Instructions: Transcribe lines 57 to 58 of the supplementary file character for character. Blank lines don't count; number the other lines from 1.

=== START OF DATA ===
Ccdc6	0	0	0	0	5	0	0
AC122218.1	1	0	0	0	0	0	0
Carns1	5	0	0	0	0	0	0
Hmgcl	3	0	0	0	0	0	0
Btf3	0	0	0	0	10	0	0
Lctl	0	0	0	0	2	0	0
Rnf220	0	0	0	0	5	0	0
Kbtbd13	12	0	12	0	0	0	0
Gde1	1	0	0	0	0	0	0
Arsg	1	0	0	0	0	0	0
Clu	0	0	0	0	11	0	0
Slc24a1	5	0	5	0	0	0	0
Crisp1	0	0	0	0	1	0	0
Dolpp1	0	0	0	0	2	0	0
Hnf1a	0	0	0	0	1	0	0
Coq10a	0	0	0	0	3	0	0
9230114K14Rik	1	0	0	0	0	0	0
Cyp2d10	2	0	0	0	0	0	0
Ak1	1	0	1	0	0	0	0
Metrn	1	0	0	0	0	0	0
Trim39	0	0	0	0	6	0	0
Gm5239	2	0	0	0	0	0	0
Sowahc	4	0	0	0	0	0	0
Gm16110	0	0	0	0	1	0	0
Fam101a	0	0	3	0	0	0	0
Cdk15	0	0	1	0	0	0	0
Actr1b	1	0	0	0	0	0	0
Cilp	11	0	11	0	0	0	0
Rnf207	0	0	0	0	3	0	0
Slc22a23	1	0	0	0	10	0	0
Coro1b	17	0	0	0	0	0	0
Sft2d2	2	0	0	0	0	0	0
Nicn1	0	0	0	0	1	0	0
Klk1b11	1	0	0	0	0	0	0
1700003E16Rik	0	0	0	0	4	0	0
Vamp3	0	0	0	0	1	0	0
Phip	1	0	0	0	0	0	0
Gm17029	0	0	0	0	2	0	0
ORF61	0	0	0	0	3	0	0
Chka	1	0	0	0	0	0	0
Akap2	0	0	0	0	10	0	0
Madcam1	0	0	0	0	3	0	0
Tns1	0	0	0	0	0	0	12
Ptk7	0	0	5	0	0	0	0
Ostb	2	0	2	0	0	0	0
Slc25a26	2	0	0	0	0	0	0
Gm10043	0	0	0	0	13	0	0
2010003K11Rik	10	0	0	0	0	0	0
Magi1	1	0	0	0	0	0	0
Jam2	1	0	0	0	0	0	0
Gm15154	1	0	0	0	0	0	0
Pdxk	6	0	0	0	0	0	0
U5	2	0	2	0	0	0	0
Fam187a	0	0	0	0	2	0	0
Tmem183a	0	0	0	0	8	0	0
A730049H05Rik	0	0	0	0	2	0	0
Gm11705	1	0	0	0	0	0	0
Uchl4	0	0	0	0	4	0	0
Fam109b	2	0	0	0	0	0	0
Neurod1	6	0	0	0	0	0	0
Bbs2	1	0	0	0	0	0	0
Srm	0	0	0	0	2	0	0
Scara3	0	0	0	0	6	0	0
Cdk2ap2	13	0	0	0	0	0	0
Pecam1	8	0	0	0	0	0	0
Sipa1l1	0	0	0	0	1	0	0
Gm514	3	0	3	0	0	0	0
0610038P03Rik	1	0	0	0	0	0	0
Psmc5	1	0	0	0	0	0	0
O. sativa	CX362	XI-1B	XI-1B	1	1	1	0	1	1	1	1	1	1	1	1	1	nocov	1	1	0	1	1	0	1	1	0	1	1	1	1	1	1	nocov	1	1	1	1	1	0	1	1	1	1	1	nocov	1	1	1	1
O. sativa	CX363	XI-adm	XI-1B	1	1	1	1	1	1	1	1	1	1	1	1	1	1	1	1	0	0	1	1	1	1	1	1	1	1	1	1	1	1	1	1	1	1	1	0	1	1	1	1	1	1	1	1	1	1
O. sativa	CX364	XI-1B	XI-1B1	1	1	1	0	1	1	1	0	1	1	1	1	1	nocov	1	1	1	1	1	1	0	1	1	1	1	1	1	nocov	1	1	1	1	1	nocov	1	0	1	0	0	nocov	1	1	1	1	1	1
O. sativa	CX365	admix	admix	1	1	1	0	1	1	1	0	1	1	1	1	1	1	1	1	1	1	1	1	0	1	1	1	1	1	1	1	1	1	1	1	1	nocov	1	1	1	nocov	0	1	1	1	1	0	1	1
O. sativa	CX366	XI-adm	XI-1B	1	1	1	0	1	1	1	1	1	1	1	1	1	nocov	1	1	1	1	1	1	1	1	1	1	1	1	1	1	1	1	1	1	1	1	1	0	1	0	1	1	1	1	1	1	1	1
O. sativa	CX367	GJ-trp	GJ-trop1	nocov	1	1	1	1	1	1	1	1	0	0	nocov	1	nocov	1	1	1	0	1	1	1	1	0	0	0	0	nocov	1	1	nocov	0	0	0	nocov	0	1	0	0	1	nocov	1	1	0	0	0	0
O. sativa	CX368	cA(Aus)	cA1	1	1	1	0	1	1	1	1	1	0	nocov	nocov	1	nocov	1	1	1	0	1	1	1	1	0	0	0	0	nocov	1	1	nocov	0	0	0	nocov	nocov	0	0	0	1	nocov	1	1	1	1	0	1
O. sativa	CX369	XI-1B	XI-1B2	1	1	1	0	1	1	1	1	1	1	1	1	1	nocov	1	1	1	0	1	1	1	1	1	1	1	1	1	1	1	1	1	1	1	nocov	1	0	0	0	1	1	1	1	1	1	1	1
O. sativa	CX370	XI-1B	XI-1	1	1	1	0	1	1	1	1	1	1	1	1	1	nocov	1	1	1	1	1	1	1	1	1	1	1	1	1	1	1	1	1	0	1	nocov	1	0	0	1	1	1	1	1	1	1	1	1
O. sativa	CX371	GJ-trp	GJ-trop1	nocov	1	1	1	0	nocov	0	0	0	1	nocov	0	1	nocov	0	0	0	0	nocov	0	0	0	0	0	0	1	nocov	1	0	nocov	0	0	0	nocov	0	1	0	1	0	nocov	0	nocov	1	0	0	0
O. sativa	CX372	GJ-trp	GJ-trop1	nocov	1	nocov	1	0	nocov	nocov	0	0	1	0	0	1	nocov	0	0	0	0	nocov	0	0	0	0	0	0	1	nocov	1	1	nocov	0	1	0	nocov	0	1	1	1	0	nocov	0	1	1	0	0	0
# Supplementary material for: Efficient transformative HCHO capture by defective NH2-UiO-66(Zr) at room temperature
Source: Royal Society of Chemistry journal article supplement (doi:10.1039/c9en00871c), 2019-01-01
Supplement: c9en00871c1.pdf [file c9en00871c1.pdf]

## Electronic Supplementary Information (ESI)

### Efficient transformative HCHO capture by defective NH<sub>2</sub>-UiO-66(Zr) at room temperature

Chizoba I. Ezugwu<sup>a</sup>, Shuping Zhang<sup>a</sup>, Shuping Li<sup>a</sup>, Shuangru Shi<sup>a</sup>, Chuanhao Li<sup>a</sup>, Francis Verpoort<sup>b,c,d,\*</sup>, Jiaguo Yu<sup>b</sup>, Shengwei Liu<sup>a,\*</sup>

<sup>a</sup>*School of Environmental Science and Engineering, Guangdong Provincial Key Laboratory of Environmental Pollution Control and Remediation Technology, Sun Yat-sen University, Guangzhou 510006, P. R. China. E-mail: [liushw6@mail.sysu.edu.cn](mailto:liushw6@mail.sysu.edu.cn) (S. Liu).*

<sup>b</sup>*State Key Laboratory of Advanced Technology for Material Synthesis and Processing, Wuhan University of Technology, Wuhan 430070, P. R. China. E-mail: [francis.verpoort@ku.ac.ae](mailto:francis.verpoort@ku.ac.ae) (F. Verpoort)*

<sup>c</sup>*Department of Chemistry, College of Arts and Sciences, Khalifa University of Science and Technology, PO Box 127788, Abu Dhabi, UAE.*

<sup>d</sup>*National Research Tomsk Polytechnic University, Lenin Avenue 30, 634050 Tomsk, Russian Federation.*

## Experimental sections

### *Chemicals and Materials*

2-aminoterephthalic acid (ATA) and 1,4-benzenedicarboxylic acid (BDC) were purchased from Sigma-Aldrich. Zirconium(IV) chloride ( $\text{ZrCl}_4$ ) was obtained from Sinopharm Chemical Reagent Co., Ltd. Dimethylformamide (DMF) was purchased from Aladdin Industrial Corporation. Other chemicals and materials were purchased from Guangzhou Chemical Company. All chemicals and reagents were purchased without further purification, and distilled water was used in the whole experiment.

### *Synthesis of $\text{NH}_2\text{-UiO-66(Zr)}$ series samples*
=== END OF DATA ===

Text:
Gm11705	1	0	0	0	0	0	0
Uchl4	0	0	0	0	4	0	0